Time: 2:00 pm - 5:00 pm
Admission: Free; prior registration requested
In cooperation with The European Chamber of Commerce in Hong Kong
The ‘euro crisis’ is not yet over and neither are the arguments about whether and how it can be resolved. The project of a single European currency was meant to cement European unity. Instead it has led to more strife and conflict both within and between the EU member states. While people in southern Europe, particularly in Greece, rebel against what they perceive as a ‘German dictate’ of austerity, at least part of the electorate in northern EU states feel betrayed by their political elites who promised that the euro would be a stable, strong and dependable currency underpinning European economic growth. The still lingering crisis has exposed and reinforced differences between participating nations’ conflicting passions and interests. Ironically, it has also strengthened calls for a further ‘deepening’ of political and economic governance in the European Union.
This mini conference will analyze current developments from the perspectives of both political analysts and the financial community.
Rundown of the programme: (updated on 8Apr2015)
(click to see speaker’s biography)
2:00 – 2:15pm Welcome + Introduction
by Prof. H. Werner Hess, Hong Kong Baptist University
2:15 – 2:25pm ‘Passions and Interests: The Euro Crisis as a Clash of Cultures’
by Dr Stefan Auer, The University of Hong Kong
Abstract: This presentation will show how differing understandings of the relationship between politics, economics and law have shaped the (mis)management of the crisis, and the challenges this creates for Europe’s future. The EU’s current predicament is as simple to describe as it is impossible to solve: German political preferences are not suited for Europe’s peripheries (which alarmingly include France and Italy), just as Southern European economic priorities are not suited for Germany. ‘German’ Europe might becoming to an end, if we are to believe the promises of the newly elected Greek government, but whatever replaces it is not going to be better. Further clashes are inescapable.
2:25 – 2:35pm ‘Judging the Bankers (or Not): The Rise of the ECB and the Transformation of EU Constitutionalism’
by Dr. Nicole Scicluna, The University of Birming
Abstract: The European Central Bank (ECB) embodies the politicised technocracy that characterises EU governance. However, its rise is neither uncontested nor uncontroversial. This paper will focus on the ongoing legal dispute over the ECB’s bond buying programme (Outright Monetary Transactions, OMT) that has pitched Germany’s powerful Constitutional Court – which condemned OMT as an impermissible transgression of the ECB’s mandate – against the European Court of Justice – whose Advocate General concluded that the programme is legally sound. The dispute is a synecdoche of the larger economic, political and legal conflicts that threaten to pull the Union apart.
2:35 – 2:45pm ‘The Lessons of History’
by Michael Every, Head of Markets Research Asia-Pacific, Rabobank
Abstract: The political stand-off between Greece and Germany is taking place against an economic backdrop that has uncomfortable parallels with the very unpleasant periods of recent history. Indeed, it regrettably appears that while ‘history does not repeat itself, it rhymes’ – and it is Germany that is arguably most in need of learning the lessons of history, logic, and mathematics.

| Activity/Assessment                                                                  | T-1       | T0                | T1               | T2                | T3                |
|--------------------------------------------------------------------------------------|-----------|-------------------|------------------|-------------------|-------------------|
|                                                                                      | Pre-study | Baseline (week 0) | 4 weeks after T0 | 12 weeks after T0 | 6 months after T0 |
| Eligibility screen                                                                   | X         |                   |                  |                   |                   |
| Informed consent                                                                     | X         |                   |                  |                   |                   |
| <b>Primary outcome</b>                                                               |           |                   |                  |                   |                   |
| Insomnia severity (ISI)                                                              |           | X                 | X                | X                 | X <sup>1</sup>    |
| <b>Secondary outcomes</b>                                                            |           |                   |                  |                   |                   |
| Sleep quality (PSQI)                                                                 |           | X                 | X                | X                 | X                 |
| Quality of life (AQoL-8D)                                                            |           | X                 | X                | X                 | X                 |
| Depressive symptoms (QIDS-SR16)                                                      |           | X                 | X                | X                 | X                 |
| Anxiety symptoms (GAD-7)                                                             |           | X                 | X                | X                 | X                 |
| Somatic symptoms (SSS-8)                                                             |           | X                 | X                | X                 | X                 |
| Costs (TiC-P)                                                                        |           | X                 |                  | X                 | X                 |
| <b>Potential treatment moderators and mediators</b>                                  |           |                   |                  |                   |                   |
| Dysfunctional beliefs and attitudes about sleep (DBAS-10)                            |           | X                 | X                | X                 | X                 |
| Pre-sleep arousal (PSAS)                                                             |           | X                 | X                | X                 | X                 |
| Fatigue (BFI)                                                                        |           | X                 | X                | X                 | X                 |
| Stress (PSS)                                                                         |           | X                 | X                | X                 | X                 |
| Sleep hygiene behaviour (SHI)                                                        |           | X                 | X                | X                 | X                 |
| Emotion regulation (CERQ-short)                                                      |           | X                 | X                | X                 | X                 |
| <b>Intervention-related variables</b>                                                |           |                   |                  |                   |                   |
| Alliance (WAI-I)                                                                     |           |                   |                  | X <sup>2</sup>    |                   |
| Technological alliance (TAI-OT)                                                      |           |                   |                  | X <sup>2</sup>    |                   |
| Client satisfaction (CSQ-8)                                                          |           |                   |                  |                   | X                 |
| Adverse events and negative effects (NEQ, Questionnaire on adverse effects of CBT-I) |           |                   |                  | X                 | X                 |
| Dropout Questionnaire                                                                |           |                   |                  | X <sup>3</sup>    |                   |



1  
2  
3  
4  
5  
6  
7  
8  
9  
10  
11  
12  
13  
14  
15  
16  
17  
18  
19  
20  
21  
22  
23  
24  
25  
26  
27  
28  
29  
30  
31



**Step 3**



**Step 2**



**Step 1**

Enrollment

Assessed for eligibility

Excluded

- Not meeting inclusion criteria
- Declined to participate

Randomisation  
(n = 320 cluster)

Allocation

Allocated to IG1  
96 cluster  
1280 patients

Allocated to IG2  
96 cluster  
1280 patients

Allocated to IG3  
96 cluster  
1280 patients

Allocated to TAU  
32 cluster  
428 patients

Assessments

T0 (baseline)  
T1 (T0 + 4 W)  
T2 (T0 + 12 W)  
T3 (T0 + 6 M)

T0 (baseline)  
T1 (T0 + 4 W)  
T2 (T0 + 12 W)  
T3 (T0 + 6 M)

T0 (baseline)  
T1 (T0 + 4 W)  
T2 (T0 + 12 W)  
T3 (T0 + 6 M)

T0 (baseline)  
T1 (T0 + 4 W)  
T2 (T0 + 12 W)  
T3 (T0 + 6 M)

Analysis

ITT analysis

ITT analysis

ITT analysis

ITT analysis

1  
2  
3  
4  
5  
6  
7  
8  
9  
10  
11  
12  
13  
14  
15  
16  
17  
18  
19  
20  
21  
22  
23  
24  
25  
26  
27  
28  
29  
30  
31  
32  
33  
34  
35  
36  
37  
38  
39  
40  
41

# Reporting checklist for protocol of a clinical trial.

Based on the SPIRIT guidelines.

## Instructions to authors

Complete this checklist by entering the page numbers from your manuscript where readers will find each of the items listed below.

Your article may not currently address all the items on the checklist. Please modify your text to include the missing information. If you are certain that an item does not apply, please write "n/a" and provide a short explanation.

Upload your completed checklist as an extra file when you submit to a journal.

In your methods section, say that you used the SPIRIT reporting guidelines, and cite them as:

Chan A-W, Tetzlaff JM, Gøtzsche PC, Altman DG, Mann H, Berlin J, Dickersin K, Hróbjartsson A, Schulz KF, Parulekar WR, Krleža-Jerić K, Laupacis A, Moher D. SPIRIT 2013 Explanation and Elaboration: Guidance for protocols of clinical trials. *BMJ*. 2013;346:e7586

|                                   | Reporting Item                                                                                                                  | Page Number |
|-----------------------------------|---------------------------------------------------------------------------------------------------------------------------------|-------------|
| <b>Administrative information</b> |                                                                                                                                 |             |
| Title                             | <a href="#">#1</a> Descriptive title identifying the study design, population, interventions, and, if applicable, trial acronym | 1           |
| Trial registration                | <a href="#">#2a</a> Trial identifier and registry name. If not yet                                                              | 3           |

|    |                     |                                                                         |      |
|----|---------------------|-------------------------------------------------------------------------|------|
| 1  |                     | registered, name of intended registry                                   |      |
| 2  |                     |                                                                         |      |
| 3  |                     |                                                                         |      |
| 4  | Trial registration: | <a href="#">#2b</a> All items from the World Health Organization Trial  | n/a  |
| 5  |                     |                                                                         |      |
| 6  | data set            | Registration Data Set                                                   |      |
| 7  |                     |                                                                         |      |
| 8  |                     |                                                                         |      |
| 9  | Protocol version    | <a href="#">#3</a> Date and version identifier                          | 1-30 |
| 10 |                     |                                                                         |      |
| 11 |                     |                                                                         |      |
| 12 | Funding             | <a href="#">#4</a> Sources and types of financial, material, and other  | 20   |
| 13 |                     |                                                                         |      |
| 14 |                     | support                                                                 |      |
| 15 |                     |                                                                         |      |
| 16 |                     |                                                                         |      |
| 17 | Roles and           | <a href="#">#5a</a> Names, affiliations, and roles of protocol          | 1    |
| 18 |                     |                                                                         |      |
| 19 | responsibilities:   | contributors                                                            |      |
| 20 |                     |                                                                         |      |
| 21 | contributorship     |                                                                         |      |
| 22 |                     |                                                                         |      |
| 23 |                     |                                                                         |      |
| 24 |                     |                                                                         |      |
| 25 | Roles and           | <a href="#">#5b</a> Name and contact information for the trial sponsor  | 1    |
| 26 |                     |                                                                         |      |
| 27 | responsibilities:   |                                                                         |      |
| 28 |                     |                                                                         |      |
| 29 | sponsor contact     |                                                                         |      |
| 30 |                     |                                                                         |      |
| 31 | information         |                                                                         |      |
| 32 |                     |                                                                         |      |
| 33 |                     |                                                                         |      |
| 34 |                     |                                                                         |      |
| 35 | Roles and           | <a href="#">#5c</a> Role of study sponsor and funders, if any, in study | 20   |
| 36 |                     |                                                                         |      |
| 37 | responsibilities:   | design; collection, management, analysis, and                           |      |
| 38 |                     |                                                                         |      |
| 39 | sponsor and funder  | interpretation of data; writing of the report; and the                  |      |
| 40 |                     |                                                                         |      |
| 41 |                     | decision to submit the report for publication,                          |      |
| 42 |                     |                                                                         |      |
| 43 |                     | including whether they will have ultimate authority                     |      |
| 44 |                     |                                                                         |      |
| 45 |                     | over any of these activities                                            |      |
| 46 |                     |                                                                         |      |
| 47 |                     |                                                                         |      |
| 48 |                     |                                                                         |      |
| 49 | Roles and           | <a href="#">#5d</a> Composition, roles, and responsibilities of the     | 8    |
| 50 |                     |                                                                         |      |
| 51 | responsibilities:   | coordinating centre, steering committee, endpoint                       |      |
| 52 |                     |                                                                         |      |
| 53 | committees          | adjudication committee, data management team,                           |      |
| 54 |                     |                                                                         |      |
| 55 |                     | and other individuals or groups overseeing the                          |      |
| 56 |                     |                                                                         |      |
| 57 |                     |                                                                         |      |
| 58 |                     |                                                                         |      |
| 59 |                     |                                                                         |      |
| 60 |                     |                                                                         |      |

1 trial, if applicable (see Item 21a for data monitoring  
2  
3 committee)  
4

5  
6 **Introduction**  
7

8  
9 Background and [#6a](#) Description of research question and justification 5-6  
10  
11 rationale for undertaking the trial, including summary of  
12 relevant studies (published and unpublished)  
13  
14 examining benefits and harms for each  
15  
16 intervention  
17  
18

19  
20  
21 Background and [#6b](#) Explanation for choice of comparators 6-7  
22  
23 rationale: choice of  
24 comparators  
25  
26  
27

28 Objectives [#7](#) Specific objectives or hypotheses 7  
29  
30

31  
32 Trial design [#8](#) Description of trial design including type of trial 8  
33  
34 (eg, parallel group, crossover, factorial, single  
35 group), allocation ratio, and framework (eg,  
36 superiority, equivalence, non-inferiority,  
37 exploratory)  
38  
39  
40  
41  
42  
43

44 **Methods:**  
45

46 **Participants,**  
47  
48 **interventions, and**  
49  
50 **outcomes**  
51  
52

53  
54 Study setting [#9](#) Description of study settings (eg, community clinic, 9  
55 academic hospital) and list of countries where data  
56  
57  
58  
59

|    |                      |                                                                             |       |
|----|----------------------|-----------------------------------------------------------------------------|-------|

2:45 – 2:55pm ‘Stabilisation and Revitalization of the Eurozone: The Role of the Banking Sector’
by Eberhard Brodhage, General Manager of Commerzbank HK and Chairman of the Financial Services Council of the European Chamber of Commerce in Hong Kong
Abstract: A strong and capable banking system is a necessary precondition of any successful economy. From safeguarding depositors funds, managing their investments, over providing working capital finance to promote growth of SME, to financing global trade, banks are vital to Europe’s continued growth. However, different from the USA, the sovereign debt crisis has held up stabilization of Europe’s banks, and continued “QE” impacts the banks’ recovery. At the same time, the crisis gave rise to the European System of Financial Supervision, namely the EBA, ESMA and EIOPA, which may be instrumental in forging a true European financial services market, delivering substantial future benefit to European consumers and businesses.
3:00 – 3:35pm Discussion I: Financial/Fiscal Aspects
3:35 – 4:00pm Coffee Break (Refreshments will be served)
4:00 – 4:10pm ‘Greece and the End of Austerity: Populist, or Reformist?’
by Efstratios Pourzitakis, Researcher at the EUAP/ Hong Kong Baptist University
Abstract: Two months after the election of a new anti-austerity coalition government, Greece faces an uphill struggle due to the dire economic situation and tough negotiations with the country’s creditors. The presentation will explore the strategy of the new government vis-à-vis the ongoing negotiations. Determination to keep Greece in Eurozone has been the driving force behind the recent policy shift by the moderate part of the Greek government. By contrast, support for deep structural reforms is not unanimous among Greeks, while radical voices in the two ruling parties challenge the legitimacy of any agreement that deviates from the pre-election agenda. Are we witnessing winds of change or the triumph of populism?
4:10 – 4:45pm Discussion II: Political Aspects
4:45 – 5:00pm Summary and Conclusion
by Prof. Jean-Pierre Cabestan Hong Kong Baptist University
Bookings are closed for this event.